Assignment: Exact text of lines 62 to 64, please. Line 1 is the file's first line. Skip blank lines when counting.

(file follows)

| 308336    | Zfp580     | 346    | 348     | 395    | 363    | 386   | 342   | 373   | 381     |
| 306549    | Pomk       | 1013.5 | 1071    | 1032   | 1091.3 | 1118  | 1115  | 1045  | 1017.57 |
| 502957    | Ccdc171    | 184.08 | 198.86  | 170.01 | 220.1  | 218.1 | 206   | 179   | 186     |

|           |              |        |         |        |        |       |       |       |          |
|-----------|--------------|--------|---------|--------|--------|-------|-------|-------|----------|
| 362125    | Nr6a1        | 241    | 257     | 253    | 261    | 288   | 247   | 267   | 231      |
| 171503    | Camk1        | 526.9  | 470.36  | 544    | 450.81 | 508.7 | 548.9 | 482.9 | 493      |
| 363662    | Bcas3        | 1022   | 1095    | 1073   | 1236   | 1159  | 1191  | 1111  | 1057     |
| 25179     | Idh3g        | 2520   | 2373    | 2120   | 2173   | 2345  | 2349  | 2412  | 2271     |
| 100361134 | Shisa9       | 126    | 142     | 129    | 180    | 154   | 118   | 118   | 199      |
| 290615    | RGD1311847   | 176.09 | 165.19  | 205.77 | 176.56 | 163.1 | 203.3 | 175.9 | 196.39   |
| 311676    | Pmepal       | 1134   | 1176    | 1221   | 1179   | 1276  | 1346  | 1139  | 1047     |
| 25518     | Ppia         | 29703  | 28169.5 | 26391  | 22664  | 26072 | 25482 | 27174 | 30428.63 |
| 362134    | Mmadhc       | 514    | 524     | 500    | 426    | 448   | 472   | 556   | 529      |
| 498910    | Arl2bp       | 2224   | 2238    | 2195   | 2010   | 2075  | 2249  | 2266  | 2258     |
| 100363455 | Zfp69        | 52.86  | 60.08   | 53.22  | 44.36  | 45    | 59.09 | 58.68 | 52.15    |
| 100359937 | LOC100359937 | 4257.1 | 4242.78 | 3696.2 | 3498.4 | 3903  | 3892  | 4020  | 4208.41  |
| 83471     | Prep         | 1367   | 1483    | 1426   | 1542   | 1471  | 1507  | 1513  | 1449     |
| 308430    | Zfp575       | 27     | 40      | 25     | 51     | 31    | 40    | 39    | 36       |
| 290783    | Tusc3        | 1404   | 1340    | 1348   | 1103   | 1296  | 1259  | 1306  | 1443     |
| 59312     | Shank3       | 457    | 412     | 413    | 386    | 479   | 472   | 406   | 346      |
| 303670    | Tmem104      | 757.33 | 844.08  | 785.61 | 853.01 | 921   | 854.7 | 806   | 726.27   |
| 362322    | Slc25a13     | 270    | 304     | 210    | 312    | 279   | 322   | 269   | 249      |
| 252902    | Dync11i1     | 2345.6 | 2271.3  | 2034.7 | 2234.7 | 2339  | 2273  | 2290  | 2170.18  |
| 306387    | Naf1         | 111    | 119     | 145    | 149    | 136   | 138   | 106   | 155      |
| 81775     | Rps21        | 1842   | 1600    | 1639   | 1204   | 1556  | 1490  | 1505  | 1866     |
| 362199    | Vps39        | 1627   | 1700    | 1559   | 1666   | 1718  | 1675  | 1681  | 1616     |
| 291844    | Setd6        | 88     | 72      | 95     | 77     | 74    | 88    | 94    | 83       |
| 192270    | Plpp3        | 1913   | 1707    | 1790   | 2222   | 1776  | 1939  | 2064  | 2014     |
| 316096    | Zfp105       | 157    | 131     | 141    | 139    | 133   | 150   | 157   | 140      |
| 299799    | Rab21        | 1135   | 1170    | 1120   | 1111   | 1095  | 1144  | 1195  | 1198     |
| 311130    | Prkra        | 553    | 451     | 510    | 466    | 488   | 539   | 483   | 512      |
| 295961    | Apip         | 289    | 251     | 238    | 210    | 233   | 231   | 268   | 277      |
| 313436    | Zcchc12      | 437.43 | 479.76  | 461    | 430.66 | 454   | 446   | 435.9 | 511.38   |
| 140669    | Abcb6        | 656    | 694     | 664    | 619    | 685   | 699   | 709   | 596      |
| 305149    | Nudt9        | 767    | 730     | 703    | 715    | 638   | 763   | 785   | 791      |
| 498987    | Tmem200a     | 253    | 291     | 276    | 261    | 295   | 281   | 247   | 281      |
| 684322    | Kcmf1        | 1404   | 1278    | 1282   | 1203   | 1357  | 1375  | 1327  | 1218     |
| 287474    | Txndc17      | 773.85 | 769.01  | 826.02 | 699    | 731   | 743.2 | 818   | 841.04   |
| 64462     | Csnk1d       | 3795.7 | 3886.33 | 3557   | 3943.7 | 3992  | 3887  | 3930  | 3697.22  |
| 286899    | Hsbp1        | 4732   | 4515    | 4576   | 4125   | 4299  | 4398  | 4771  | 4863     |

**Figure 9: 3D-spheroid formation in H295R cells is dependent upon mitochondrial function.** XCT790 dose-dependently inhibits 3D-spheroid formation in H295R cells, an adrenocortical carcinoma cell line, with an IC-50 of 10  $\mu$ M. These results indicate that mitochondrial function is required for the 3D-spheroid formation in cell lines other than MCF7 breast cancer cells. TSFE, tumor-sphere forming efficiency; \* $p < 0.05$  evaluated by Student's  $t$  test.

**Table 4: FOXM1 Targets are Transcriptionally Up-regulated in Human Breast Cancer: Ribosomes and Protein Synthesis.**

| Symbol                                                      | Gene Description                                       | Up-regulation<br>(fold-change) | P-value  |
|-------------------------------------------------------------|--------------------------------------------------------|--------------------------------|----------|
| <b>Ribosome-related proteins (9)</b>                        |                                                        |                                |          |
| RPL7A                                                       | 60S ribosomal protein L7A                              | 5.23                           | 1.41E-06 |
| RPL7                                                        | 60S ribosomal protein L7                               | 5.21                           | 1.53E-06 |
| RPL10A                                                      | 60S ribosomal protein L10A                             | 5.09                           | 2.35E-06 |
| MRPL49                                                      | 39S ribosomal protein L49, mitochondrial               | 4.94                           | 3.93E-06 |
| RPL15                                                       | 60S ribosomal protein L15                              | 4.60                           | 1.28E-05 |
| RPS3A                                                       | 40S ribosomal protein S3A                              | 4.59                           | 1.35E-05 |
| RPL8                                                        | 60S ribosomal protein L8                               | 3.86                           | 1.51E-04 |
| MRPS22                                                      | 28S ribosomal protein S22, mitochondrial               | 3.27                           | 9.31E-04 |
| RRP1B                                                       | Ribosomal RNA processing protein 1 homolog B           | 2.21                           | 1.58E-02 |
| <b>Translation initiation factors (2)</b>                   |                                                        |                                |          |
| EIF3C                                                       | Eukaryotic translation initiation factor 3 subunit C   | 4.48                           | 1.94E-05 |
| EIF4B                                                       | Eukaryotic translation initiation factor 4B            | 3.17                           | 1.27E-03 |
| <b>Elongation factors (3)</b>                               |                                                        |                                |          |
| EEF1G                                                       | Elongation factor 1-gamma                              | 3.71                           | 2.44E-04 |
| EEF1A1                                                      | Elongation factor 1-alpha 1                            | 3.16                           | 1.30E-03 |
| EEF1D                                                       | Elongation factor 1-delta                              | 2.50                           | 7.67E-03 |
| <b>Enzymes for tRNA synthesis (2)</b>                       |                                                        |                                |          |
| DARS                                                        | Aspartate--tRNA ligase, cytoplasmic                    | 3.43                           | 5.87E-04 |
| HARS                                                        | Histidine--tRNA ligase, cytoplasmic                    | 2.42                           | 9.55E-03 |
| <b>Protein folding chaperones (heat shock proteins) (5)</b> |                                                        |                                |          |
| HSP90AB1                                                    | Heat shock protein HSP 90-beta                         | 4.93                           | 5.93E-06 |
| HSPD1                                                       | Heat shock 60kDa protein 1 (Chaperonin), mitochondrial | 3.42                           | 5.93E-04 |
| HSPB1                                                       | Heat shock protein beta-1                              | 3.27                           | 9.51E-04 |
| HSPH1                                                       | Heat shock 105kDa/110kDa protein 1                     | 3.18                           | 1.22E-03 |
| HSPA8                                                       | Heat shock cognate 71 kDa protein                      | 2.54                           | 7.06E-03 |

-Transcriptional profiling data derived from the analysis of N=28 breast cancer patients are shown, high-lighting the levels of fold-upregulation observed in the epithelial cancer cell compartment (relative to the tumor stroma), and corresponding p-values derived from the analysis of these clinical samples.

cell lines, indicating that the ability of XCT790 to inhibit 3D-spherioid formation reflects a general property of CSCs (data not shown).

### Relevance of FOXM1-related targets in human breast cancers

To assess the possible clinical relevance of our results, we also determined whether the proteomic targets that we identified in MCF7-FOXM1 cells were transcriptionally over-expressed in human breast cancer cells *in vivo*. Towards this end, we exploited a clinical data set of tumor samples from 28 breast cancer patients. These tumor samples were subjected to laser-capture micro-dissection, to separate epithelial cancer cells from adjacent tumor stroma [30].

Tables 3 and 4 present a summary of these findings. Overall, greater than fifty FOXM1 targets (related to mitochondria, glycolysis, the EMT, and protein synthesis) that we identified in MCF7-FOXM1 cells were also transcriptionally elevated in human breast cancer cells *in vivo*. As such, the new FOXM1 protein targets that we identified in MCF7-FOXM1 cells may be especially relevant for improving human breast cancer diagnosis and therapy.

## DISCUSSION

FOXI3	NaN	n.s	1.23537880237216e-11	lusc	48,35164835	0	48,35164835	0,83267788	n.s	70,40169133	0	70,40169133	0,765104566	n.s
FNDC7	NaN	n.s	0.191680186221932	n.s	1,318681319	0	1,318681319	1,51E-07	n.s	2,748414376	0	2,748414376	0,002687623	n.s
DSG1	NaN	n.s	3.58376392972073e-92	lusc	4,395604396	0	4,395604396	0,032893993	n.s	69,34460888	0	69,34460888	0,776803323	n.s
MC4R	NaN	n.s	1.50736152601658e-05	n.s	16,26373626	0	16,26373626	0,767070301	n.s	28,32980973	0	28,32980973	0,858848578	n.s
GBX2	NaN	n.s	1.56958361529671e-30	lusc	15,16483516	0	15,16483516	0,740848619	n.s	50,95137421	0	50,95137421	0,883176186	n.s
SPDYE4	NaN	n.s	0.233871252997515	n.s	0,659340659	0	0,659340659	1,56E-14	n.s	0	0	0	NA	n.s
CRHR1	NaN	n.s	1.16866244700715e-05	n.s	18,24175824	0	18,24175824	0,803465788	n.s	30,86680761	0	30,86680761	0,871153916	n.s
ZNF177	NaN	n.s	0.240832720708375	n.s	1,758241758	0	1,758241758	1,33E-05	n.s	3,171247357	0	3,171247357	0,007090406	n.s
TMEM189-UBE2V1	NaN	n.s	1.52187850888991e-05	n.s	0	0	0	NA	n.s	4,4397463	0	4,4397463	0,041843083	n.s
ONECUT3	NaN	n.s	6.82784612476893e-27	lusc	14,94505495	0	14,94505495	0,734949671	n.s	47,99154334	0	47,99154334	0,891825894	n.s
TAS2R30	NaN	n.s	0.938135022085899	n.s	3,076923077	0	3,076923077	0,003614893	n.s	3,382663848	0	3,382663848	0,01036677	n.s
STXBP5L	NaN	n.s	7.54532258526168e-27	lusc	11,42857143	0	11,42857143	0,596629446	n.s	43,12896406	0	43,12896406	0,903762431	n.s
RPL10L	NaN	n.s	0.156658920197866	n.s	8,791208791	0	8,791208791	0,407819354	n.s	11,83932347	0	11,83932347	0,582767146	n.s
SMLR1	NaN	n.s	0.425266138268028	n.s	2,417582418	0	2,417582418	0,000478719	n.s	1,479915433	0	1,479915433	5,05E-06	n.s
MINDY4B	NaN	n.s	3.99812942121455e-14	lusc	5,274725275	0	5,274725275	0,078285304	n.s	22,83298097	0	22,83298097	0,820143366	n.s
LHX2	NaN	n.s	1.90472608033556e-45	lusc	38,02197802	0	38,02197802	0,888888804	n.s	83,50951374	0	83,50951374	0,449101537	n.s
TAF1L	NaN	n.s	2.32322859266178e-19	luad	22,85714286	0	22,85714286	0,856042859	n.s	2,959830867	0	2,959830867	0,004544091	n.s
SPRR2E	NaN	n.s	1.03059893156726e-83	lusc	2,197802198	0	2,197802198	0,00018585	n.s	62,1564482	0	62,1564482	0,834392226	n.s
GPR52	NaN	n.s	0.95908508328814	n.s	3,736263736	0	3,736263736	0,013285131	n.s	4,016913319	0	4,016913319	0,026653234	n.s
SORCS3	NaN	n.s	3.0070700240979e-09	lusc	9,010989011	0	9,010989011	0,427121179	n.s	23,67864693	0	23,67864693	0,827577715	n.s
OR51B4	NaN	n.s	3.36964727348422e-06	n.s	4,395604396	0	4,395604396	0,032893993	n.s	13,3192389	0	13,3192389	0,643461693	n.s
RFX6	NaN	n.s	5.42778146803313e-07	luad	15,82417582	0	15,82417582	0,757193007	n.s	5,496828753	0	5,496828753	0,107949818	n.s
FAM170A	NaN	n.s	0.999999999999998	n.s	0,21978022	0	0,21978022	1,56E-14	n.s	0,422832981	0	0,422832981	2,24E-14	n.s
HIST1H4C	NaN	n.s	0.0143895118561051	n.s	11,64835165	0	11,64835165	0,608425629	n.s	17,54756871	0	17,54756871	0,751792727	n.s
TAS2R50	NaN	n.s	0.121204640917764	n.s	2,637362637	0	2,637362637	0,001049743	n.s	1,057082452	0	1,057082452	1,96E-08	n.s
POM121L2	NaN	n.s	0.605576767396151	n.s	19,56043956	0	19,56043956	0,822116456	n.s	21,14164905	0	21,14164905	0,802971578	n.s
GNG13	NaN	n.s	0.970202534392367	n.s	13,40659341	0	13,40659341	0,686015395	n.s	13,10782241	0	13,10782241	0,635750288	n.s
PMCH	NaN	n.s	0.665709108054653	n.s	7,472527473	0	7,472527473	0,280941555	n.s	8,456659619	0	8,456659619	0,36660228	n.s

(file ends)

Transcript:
| EEF1D                                                       | Elongation factor 1-delta                              | 2.50                           | 7.67E-03 |
| <b>Enzymes for tRNA synthesis (2)</b>                       |                                                        |                                |          |
| DARS                                                        | Aspartate--tRNA ligase, cytoplasmic                    | 3.43                           | 5.87E-04 |